Classical Music | Music for Trio

Robert Schumann

Märchenerzählungen (Fairy tales), Op. 132  Play

Trio di Colore Trio

Recorded on 05/16/2006, uploaded on 01/20/2009

Musician's or Publisher's Notes

The sad tale of Schumann's later life is well-known; at the time of Märchenerzählungen, or Fairy Tales, Op. 132, 1853, his bouts of sleeplessness, hesitancy of speech and movement, and deepening depression were getting worse. A temporary ray of light, in the form of a visit by the young 20-year-old Johannes Brahms, gave him one last creative outburst.

The Fairy Tales were composed during this all-too brief Indian summer with the youthful genius of Brahms. Clearly, none of Schumann's difficulties with larger forces are evident here.  In the Fairy Tales, he draws closer and closer to his solo pianistic roots. Schumann cleverly links each movement, unifying them with subtle thematic references. The more intimate Trio setting allows his subtle harmonies, such as passing augmented sixth chords, and intricate melodic passages to be thrown into high relief. These figurations do not lose their effect, even when the clarinet or the viola doubles the piano line, which is far from the case in the crowded over-orchestrations of his symphonic works and concertos.      Guy Yehuda


Märchenerzählungen (Fairy Tales), op. 132     Robert Schumann

One of the last works to come from Schumann's pen before his attempted suicide in 1854, the Märchenerzählungen ("Fairy Tales") is nevertheless lighthearted, though tinged with a disturbing agitation. Compared to the earlier Märchenbilder ("Fairy Pictures"), Märchenerzählungen embraces a greater balance between Schumann's inclination for literature-inspired music and the absolute music of the Classical era. While the title certainly points a guiding finger for the interpretation of this work, it is vague enough so as to leave much up to the performers, as well as the listeners. In previous works, Schumann often gave very descriptive indications to the underlying program of his music, particularly in his Florestan-Eusebius dialogues. Here, however, we are left to invent our own fairy tale.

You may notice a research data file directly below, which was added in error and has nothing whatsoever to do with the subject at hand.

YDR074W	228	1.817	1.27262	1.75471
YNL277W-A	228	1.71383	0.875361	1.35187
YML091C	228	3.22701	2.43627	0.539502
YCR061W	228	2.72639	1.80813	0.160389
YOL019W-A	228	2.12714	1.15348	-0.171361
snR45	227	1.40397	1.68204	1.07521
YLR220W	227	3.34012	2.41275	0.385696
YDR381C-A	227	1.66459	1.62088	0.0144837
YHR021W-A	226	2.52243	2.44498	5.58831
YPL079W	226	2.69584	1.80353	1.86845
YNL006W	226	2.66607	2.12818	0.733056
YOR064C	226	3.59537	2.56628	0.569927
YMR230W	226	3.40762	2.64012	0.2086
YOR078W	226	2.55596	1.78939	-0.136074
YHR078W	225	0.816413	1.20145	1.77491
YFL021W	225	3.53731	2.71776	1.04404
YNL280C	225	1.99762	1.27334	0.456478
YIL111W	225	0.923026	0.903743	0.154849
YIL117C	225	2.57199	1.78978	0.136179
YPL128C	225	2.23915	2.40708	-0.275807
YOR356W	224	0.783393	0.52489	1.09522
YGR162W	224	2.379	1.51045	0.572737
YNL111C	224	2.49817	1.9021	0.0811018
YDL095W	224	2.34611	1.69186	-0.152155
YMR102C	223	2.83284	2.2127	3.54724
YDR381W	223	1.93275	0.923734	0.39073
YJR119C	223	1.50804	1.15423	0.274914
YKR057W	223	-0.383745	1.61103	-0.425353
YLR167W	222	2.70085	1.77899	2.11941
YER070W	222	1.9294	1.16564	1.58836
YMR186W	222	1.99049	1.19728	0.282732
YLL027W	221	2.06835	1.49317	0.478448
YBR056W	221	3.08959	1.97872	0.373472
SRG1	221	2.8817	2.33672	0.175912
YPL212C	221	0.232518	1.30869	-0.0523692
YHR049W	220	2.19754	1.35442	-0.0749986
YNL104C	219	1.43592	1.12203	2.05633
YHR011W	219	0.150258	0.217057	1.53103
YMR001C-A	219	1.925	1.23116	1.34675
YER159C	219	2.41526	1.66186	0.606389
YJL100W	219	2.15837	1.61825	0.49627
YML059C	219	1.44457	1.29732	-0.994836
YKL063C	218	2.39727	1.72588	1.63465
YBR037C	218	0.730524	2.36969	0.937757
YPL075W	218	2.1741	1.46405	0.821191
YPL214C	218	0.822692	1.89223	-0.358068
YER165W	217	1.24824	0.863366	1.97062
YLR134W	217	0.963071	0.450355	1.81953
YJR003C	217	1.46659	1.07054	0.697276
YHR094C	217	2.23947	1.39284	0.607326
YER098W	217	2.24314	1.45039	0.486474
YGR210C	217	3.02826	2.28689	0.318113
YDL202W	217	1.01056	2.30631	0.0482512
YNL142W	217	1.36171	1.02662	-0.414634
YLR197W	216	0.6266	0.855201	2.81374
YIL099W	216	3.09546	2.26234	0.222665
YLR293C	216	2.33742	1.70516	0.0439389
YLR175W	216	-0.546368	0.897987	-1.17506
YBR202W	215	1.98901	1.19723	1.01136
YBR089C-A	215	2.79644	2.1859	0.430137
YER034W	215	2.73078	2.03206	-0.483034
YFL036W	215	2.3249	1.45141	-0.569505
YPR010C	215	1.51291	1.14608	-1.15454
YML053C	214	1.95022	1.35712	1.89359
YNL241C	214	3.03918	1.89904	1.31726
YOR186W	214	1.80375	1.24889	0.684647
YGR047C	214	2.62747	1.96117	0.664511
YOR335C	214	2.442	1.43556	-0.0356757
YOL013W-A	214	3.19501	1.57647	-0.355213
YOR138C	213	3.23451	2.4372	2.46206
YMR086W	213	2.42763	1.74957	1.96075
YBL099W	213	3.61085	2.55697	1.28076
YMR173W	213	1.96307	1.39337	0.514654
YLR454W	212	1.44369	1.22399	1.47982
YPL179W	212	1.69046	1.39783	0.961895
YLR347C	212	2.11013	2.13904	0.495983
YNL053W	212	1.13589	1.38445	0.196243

The first movement, marked Lebhaft, nicht zu schnell ("Lively, but not fast") and in B flat major, begins with a lyrical, arching melody in the viola simultaneously accompanied by staccato arpeggios in the piano. These two ideas together become the motivic germ for the remaining three movements. The lyrical opening melody remains the prominent element and is developed throughout the course of the movement creating, in a sense, a truncated, monothematic sonata form. The following movement, Lebhaft und sehr markit ("Fast and very accentuated") and moving to the relative minor, takes on the role of a scherzo. The opening chords are ominous and dark, casting a shadow over the movement. Jollity, however, is not long kept at bay as the cheery and elegant middle section seems to dispel the shadows of the opening. A return to the first section once again dampens the blithe spirits, this time, however, with a greater determination to plunge the music into repressive darkness.

The third movement, moving to a sunny G major with the indication Ruhiges Tempo, mit zartem Ausdruck ("Calm tempo with delicate expression"), opens with an intensely lyrical duet between the viola and clarinet. The duet proceeds unhindered throughout the movement accompanied by dreamy arpeggios and poignant rising semitones in the piano. The Finale, also marked Lebhaft und sehr markit, is perhaps the most outspoken of the four pieces. Beginning with marked and rhythmic opening chords, it is at once majestic and carefree. Cast in a tripartite form, the middle section presents a graceful melody against a rhythmically driving piano accompaniment. The opening section returns and brings the fairy tale to a confident and happy ending.     Joseph DuBose